The LSHTM Archives holds material relating to eye health. One of our notable collections is that of Robert Henry Elliot, who was an ophthalmic surgeon and a lecturer in ophthalmology at the School from 1919 to 1929. Elliot spent the early part of his career in India where he served in the Indian Medical Service, but soon returned to civil medicine. By 1904, Elliot had been appointed superintendent of Madras Ophthalmic Hospital and soon established it as a centre for investigation and treatment of eye diseases, in particular, the treatment of chronic glaucoma. Elliot left India in 1914 and took up the post of ophthalmic surgeon to the Prince of Wales Hospital. By 1919 Elliot had lectured at London School of Tropical Medicine and the Royal College of Surgeons. During his career, Elliot also served on the British Medical Association’s Council for five years and successfully campaign for improved conditions and pay for medical officers in India.
Much of the Elliot collection is comprised of stereoscopic photographs, water colour illustrations, and black and white images of patients inflicted with eye disorders. Catalogues outlining patients’ details and the eye disorders that inflict them also accompany the images. When Elliot came to the School in 1919, his watercolour illustrations were placed in the School’s museum and remained with the school there after. In addition to this material, the Archives also hold the syllabus of Elliot’s taught course at the LSHTM. In July 1922, the course was broken down into four lectures and focussed on ‘native remedies’, eye diseases that were abnormal to tropical countries and how race influences eye disorders.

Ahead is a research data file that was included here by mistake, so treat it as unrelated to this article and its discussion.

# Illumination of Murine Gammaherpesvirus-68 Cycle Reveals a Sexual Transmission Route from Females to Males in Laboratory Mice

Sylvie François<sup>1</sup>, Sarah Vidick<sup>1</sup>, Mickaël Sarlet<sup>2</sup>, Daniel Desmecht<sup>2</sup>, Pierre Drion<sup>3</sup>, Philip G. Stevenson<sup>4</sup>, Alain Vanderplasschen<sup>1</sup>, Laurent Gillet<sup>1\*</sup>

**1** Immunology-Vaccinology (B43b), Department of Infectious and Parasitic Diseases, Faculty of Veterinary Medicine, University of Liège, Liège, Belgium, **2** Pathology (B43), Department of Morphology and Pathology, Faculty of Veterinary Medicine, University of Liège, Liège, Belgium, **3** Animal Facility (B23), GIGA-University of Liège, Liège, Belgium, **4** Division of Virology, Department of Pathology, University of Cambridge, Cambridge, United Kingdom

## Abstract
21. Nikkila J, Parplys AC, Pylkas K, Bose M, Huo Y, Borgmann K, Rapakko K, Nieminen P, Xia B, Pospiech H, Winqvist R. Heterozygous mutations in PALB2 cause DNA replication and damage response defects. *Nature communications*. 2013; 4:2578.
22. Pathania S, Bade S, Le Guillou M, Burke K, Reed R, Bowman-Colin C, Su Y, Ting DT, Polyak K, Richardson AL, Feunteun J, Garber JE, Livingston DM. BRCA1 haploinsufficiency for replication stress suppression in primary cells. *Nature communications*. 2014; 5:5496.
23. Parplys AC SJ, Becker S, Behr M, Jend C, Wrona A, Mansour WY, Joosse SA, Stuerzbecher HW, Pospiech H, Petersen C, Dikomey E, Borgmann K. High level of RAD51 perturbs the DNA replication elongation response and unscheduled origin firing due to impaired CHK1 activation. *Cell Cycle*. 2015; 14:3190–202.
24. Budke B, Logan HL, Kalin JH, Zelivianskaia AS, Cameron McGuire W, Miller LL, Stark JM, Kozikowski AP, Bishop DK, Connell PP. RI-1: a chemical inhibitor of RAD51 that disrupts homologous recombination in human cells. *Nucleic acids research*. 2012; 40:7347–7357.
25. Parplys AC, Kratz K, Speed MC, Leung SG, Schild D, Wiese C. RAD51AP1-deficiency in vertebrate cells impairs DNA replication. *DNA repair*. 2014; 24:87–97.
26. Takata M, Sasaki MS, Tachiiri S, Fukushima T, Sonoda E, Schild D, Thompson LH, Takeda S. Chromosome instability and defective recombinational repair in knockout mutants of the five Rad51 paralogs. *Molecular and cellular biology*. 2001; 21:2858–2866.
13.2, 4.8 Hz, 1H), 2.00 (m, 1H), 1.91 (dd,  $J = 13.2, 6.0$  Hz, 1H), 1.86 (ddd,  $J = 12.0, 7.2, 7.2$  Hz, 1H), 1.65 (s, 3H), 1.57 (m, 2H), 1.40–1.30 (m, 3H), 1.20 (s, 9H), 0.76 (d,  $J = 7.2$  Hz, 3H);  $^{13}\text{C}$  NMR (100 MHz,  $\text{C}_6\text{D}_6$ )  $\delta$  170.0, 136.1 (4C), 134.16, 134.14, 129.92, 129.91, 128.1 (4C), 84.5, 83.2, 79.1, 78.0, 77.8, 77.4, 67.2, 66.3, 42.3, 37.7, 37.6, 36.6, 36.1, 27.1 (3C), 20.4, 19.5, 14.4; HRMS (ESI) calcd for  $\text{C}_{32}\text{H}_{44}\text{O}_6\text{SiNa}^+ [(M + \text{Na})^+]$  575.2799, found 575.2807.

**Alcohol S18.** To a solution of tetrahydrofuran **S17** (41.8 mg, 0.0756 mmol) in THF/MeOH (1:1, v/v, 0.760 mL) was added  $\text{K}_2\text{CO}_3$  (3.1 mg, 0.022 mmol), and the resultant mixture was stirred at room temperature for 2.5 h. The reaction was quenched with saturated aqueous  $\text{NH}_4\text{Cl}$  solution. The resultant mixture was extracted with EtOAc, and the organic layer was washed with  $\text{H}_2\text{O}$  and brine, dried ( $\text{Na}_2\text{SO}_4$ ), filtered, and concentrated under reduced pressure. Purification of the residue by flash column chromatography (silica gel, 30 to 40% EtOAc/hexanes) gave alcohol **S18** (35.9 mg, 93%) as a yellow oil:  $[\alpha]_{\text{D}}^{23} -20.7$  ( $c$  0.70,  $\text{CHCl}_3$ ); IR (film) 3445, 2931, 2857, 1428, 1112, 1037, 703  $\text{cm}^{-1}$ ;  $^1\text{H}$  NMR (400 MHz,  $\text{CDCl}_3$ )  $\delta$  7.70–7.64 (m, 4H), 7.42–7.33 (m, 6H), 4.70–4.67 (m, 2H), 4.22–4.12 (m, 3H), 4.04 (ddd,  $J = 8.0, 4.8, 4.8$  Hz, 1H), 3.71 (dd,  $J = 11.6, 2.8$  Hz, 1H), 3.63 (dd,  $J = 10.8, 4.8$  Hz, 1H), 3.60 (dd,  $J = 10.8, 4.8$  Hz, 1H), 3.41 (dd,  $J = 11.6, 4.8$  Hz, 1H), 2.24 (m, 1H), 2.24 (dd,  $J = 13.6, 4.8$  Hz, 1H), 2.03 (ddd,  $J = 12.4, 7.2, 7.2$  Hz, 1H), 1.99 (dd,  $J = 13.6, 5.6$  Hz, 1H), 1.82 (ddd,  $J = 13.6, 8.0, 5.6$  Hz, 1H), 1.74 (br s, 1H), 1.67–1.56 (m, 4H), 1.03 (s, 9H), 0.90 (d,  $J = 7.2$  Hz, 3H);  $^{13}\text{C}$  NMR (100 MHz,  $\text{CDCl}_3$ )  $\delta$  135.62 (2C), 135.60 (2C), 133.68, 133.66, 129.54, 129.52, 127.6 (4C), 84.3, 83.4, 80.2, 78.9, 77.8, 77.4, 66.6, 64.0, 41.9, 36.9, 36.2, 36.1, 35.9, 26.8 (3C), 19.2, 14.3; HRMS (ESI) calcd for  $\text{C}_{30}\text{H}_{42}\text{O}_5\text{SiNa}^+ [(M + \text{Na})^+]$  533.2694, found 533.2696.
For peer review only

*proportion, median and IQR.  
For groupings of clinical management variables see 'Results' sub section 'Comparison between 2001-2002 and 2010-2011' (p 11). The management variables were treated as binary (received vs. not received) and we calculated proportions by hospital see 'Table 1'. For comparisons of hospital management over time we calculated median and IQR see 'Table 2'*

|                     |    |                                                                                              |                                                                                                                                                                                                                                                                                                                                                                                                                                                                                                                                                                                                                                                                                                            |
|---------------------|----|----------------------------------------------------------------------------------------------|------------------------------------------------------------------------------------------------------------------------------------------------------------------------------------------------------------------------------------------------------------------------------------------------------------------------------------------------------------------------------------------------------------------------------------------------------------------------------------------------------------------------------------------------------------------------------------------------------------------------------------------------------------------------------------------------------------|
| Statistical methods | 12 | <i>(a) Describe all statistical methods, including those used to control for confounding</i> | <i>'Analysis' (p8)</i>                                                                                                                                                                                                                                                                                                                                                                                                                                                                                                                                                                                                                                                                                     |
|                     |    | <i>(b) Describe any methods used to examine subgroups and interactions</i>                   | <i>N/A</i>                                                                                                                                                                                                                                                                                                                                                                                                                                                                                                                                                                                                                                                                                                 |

In addition to Elliot’s collection, the School has access to 300 digital images from the Arthur MacCallan archives that document eye disease in Egypt, where he was appointed ophthalmologist in 1903 in the department of public health in Cairo. During his career, MacCallan successfully opened ophthalmic hospitals in each Egyptian province, and six travelling hospitals. MacCallan was also keen to encourage and enhance the knowledge of Egyptian ophthalmic surgeons, where regular lectures and clinical instruction were provided. MacCallan returned to England in 1924, having successfully implemented mass treatment of ankylostomiasis and bilharziasis, and opened up his own private practice as well as serving as ophthalmic surgeon to two London hospitals. In 1935 he was appointed as second president of the International Organisation against Trachoma.
If you have any queries regarding these collections or what else the Archives hold on eye health, please contact us at firstname.lastname@example.org